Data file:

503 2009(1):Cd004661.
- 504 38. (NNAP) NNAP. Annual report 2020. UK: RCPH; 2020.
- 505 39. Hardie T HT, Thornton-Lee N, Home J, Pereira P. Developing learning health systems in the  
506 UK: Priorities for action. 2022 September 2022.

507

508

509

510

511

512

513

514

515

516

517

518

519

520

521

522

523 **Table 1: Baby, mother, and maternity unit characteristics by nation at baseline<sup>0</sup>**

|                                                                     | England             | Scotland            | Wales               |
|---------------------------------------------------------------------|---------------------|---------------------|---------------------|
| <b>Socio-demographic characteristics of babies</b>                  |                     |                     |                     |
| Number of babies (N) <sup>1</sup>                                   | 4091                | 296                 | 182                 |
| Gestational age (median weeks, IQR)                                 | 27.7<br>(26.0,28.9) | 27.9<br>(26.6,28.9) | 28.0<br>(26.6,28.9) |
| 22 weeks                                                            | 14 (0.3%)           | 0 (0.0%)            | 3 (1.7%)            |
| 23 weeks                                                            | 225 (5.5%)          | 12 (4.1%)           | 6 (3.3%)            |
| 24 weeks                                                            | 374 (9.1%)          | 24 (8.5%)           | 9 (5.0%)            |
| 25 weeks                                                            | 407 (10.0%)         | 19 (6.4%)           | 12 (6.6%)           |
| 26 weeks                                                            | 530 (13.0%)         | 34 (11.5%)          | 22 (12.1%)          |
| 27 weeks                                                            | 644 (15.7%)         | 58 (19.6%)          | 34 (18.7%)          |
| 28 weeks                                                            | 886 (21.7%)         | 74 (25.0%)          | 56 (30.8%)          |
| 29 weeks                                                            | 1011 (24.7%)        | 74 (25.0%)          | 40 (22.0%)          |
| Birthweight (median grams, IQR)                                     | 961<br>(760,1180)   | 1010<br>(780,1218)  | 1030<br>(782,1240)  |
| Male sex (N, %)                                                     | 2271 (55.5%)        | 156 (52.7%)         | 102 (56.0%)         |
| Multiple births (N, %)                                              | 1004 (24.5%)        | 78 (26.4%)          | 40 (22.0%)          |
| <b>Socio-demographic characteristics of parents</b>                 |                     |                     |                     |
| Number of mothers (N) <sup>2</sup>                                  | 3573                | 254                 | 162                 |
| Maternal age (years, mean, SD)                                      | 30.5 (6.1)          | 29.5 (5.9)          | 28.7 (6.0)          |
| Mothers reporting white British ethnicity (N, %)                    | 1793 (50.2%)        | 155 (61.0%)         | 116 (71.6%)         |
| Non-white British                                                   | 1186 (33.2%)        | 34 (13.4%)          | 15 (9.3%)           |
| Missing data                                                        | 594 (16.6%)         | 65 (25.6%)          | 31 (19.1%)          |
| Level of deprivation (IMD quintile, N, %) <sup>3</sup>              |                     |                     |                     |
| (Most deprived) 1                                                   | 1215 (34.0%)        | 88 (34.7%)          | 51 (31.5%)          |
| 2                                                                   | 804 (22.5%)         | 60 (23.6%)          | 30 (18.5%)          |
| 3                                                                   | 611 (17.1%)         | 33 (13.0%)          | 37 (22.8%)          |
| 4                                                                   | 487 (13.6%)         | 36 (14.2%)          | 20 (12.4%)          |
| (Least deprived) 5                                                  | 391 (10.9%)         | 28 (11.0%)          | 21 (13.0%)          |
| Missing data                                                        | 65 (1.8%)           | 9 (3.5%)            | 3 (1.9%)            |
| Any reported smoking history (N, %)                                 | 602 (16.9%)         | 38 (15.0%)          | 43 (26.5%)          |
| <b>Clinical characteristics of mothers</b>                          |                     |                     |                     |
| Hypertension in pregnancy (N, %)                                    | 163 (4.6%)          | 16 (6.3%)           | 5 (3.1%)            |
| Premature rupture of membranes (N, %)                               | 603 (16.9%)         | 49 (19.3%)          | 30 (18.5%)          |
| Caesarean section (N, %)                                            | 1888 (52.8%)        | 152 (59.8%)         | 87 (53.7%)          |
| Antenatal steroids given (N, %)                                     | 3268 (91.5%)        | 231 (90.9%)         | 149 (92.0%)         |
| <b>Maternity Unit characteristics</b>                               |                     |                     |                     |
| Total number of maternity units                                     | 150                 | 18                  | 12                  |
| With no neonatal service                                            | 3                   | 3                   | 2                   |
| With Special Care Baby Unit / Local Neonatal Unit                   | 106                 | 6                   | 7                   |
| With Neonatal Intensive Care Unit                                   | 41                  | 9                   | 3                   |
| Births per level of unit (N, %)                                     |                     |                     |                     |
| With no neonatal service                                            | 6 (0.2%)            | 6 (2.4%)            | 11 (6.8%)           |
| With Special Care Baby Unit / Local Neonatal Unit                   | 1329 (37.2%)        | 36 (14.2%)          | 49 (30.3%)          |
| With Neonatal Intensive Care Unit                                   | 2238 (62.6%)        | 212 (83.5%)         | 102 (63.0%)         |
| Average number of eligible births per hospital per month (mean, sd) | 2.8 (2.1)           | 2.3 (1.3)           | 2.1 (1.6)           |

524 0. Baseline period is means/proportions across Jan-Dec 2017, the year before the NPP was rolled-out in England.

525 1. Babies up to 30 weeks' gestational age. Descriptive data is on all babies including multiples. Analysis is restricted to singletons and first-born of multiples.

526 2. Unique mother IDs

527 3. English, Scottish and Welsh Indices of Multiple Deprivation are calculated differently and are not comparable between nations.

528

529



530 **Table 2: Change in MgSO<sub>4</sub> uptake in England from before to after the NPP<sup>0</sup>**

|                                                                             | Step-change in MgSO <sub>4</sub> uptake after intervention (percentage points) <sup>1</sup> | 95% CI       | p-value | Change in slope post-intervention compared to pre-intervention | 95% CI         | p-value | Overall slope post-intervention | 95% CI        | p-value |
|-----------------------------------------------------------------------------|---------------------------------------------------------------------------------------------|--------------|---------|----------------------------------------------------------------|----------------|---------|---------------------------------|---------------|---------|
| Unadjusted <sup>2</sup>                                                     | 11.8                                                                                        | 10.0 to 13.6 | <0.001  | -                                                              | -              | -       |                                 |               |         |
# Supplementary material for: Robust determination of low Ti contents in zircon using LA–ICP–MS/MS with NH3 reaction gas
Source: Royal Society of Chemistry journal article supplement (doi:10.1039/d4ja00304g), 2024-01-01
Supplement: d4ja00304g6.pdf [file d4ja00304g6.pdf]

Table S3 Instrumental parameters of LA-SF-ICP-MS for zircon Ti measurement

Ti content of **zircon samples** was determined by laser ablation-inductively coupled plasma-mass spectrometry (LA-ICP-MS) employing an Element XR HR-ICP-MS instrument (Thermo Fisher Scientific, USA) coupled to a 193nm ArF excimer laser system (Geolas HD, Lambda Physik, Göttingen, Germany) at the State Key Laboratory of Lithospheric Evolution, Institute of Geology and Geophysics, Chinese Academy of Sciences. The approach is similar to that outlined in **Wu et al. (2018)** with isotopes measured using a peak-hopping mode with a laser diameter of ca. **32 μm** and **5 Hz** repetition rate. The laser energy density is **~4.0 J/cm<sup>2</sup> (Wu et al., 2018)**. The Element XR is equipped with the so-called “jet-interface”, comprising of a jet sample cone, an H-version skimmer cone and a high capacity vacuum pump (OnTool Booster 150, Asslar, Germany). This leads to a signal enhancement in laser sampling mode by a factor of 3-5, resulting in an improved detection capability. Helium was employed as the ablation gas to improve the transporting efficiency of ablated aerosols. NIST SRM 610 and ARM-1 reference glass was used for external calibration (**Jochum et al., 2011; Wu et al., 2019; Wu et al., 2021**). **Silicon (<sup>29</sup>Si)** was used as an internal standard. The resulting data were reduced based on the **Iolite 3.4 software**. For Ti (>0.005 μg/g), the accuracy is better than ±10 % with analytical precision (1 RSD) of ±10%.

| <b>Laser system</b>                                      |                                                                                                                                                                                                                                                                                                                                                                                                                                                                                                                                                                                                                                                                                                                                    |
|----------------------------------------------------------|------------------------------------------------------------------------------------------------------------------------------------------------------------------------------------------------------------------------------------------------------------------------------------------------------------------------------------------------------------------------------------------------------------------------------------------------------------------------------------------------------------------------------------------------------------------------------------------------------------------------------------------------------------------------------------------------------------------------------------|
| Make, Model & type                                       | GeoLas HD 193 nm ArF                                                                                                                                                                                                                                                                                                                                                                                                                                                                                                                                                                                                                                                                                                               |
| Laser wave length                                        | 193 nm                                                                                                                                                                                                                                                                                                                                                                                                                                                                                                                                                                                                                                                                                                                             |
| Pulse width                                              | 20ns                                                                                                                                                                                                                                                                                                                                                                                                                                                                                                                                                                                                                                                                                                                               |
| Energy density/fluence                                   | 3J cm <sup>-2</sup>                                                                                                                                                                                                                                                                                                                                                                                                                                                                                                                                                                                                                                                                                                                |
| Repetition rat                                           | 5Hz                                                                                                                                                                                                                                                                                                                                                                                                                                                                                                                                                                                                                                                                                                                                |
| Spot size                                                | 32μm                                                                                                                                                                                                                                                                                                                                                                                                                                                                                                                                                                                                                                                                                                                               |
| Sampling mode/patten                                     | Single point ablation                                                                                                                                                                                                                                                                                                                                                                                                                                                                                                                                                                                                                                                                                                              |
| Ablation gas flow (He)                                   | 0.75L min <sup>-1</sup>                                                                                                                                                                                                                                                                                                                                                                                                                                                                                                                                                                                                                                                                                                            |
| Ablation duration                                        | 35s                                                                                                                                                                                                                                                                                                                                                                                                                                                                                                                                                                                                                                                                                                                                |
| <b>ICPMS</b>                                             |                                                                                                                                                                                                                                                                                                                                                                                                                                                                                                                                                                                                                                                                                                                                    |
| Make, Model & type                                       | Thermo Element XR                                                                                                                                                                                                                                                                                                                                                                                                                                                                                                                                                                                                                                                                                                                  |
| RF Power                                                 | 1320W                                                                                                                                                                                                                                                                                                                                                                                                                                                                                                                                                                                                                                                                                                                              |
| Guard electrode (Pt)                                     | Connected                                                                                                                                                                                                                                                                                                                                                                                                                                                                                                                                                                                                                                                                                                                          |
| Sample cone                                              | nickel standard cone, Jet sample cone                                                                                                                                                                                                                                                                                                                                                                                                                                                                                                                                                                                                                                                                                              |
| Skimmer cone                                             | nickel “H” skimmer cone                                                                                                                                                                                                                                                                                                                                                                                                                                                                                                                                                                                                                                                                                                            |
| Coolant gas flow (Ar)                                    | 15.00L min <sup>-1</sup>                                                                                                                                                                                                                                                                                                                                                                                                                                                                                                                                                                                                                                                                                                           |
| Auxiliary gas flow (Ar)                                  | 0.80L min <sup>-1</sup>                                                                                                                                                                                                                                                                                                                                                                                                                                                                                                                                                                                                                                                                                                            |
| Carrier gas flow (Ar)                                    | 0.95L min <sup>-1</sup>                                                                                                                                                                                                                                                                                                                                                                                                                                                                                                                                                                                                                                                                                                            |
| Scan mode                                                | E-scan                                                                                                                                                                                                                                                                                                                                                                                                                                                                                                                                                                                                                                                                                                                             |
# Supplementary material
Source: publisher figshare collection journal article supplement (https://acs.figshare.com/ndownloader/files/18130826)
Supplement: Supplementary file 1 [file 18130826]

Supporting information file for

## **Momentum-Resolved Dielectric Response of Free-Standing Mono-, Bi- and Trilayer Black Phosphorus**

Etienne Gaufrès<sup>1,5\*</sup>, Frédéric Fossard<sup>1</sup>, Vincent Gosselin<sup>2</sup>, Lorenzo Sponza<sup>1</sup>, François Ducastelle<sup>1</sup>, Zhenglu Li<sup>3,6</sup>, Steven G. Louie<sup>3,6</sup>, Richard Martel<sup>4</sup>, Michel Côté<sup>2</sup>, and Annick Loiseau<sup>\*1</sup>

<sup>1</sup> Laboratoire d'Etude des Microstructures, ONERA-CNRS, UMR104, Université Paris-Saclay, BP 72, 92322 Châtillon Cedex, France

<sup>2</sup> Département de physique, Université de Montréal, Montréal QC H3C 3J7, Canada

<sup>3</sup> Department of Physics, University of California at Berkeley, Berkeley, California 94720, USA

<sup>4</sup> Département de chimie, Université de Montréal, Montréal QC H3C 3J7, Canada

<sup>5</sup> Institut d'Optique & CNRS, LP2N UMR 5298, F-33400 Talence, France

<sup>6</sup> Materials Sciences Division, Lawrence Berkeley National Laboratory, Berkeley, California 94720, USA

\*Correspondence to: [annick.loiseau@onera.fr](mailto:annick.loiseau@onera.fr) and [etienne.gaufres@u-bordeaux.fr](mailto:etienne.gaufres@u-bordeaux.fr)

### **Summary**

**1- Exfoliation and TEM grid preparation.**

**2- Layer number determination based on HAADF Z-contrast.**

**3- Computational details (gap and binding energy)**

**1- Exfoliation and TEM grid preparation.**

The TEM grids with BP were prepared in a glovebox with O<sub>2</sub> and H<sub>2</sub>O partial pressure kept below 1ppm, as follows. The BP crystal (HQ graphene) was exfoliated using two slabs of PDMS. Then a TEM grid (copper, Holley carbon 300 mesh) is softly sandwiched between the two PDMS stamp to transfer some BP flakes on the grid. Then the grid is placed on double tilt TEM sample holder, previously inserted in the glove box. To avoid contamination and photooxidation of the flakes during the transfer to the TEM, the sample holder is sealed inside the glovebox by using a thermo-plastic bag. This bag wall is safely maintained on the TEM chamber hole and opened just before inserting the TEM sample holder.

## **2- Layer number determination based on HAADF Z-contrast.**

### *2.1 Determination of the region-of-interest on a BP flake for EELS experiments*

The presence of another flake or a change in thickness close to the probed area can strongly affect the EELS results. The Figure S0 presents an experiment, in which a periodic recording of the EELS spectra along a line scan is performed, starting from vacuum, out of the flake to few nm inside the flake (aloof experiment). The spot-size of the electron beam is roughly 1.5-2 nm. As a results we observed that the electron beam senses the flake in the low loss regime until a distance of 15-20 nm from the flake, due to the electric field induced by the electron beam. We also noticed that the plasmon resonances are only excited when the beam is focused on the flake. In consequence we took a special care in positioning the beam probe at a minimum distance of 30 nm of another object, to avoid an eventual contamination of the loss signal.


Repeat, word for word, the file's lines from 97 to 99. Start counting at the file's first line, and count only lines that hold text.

| Sample cone                                              | nickel standard cone, Jet sample cone                                                                                                                                                                                                                                                                                                                                                                                                                                                                                                                                                                                                                                                                                              |
| Skimmer cone                                             | nickel “H” skimmer cone                                                                                                                                                                                                                                                                                                                                                                                                                                                                                                                                                                                                                                                                                                            |
| Coolant gas flow (Ar)                                    | 15.00L min <sup>-1</sup>                                                                                                                                                                                                                                                                                                                                                                                                                                                                                                                                                                                                                                                                                                           |